Now that Joe Biden and Donald Trump are headed full steam ahead towards the nominating conventions, the stage is set for what I’m sure will be a wild, no holds-barred, drop down and punch them out type of race for the presidency. The press will capitalize on every opportunity they get to make Donald Trump and Joe Biden look bad (depending on which media outlet you pay attention to). Stories will be sensationalized and conversations, when not about COVID-19, will be filled with all things politics. No doubt, some of these conversations will be volatile, contentious, and maybe even verge on breaking up a relationship.
In my personal life I’ve been met with outrage at the mere expression of how I feel about a candidate or my commentary on the political circus. This got me thinking about how couples should deal with opposing views in their relationship. How can two loving people have such dissimilar views and continue to coexist and not let the 2020 election tear them apart? The truth is, if the relationship is stable and loving and the couple problem solves well together, it will survive and withstand any tension or strain it may encounter. If though problems already exist, then that’s a different story. They’re vulnerable and could be subject to insurmountable troubles or even splitting up.
Here’s how to keep your political differences in check:
1. Forget about trying to win. It’s not about keeping score, winning the argument, or making the other person look bad. If you approach your partner with that mindset then it will surely be met with hostility and defensiveness. Any name calling or demonizing your partner and reliance on sensationalized clips or propaganda will only fuel the tension between you and them and compromise the otherwise healthy dynamic that exist. Rather than trying to find holes in their argument or seeing them as an antagonist, be respectful and sensitive.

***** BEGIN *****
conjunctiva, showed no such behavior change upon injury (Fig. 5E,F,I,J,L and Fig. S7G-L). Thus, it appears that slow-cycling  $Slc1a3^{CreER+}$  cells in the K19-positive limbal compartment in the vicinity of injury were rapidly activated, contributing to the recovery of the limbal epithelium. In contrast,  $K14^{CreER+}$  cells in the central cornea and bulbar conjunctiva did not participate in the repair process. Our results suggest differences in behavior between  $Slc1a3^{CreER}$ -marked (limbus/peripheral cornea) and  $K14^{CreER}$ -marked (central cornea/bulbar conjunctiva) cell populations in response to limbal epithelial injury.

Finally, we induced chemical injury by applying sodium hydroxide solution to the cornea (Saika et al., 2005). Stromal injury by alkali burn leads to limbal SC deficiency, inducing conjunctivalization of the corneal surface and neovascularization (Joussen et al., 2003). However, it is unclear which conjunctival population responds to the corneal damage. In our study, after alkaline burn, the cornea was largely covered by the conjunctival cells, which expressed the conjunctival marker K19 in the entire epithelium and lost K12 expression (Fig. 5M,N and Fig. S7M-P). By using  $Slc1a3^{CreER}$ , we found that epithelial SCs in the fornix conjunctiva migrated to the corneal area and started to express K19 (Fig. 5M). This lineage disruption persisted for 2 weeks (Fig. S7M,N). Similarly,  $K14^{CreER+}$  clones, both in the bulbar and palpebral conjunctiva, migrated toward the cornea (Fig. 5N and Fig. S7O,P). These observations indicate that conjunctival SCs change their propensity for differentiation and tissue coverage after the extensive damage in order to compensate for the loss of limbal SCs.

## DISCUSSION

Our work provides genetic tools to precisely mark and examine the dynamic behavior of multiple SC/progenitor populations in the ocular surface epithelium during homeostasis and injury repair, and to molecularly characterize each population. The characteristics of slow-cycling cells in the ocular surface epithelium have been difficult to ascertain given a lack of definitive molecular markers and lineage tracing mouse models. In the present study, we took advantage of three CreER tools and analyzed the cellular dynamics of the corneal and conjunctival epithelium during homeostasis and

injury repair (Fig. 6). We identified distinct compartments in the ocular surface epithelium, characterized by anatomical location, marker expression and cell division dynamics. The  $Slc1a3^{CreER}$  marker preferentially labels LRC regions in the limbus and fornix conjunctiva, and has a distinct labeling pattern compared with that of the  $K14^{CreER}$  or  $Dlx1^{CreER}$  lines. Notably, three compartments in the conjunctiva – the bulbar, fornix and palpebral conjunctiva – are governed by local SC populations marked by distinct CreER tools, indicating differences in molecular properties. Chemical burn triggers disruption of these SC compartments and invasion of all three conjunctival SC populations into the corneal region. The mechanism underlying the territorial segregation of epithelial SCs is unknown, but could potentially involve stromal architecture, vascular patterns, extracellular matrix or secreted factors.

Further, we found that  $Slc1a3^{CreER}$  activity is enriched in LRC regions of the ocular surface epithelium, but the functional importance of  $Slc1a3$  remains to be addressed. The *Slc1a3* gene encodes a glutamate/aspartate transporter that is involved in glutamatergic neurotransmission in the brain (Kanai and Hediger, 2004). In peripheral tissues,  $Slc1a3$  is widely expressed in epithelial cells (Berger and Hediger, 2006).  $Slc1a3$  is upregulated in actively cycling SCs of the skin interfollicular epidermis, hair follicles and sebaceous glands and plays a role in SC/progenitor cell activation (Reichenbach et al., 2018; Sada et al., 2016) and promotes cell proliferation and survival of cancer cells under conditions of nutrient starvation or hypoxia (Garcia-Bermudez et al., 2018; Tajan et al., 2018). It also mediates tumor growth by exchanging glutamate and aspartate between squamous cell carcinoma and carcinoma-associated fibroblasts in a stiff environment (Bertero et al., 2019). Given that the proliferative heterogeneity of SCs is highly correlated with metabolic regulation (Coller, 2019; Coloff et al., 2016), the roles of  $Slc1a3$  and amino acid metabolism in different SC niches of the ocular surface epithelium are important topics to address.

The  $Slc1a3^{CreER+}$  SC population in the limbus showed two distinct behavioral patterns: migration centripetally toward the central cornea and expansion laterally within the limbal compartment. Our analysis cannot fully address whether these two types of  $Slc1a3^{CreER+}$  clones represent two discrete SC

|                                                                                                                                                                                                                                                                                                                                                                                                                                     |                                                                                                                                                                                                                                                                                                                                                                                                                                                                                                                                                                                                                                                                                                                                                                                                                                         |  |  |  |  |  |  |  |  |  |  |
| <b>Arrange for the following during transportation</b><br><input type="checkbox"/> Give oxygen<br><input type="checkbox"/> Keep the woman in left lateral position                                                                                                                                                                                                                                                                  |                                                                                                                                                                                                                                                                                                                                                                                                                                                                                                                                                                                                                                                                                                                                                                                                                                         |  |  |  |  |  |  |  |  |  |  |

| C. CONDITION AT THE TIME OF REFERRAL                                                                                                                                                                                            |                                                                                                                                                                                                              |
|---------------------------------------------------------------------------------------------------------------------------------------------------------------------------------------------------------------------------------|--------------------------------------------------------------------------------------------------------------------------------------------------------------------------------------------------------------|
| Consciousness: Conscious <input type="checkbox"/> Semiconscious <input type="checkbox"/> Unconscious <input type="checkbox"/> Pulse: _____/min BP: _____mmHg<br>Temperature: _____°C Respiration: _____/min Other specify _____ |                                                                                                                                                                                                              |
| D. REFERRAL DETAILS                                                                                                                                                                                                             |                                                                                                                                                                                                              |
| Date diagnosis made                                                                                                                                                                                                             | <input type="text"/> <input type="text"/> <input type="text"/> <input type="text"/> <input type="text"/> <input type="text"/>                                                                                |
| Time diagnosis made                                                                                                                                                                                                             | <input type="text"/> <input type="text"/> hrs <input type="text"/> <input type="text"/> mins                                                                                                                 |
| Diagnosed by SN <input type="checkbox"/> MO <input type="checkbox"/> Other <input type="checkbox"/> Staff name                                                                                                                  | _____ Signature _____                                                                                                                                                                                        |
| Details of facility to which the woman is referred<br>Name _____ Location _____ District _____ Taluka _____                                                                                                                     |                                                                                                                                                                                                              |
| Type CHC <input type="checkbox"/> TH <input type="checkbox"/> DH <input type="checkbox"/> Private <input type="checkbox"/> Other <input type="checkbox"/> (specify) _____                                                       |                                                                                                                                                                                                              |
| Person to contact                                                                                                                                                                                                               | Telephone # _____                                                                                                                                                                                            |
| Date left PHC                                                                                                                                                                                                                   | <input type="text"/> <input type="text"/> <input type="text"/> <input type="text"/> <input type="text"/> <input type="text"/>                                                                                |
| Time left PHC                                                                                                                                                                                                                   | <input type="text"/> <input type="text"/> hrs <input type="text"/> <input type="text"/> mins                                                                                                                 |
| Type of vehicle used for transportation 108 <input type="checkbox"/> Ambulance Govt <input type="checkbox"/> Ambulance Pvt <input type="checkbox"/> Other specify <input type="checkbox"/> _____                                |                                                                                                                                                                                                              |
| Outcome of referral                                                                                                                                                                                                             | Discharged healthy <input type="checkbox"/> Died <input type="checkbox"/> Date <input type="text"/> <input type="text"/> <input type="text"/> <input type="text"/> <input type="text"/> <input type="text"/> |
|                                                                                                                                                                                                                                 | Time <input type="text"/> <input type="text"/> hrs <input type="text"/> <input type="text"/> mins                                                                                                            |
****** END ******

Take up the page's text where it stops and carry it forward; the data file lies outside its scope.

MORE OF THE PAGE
2. Aim to share your ideas, not change your partner’s political affiliation. As is the case with a lot of discussions about hot-button issues, in relationships it should be one about sharing your opinion and deepening your understanding and connection, not trying to get your partner to buy into your beliefs.
3. Listen. Be a good listener and truly make an effort to understand how your partner came to feel a certain way about a candidate. Sometimes being heard is all that’s needed to prevent a discussion from turning acrimonious. Clarify what the other person says and how they feel by repeating back to them your summation or their comments and/or asking them questions that will ensure better understanding.
4. Keep your emotions in check. If you feel things starting to get heated, then agree with your partner to some ground rules. For example, agree to take a time out. Go for a walk, have a bite to eat, or do something else and then hit the reset button.
5. Ask yourself, “What’s really important?” All too often if a couple gets embroiled in political conversation they lose sight of what’s truly important. Things such as family, kids, and careers take a back seat to an elected official. Stay true to what really matters and never let a politician get between you and your spouse.
6. Focus on what binds you. Despite their vast differences in style and presentation, ultimately Joe Biden and Donald Trump want the same things: peace, a strong economy, good educational system, security, etc. Try to focus on these larger items and concepts and where you might actually want similar things for the country.
So if after employing these tips you’re still having problems then consider that perhaps the differences are simply too stark to have a healthy relationship. Next time you meet someone to potentially date, discuss the very things that you might otherwise avoid early on: political views, religion, and sex. As a psychotherapist who has treated countless couples, I say talk about the very things you’d ordinarily avoid, including which political party you feel an allegiance to, and why. This might help to avoid a train wreck later on.
Be Fearless: Change Your Life in 28 Days by Jonathan Alpert.
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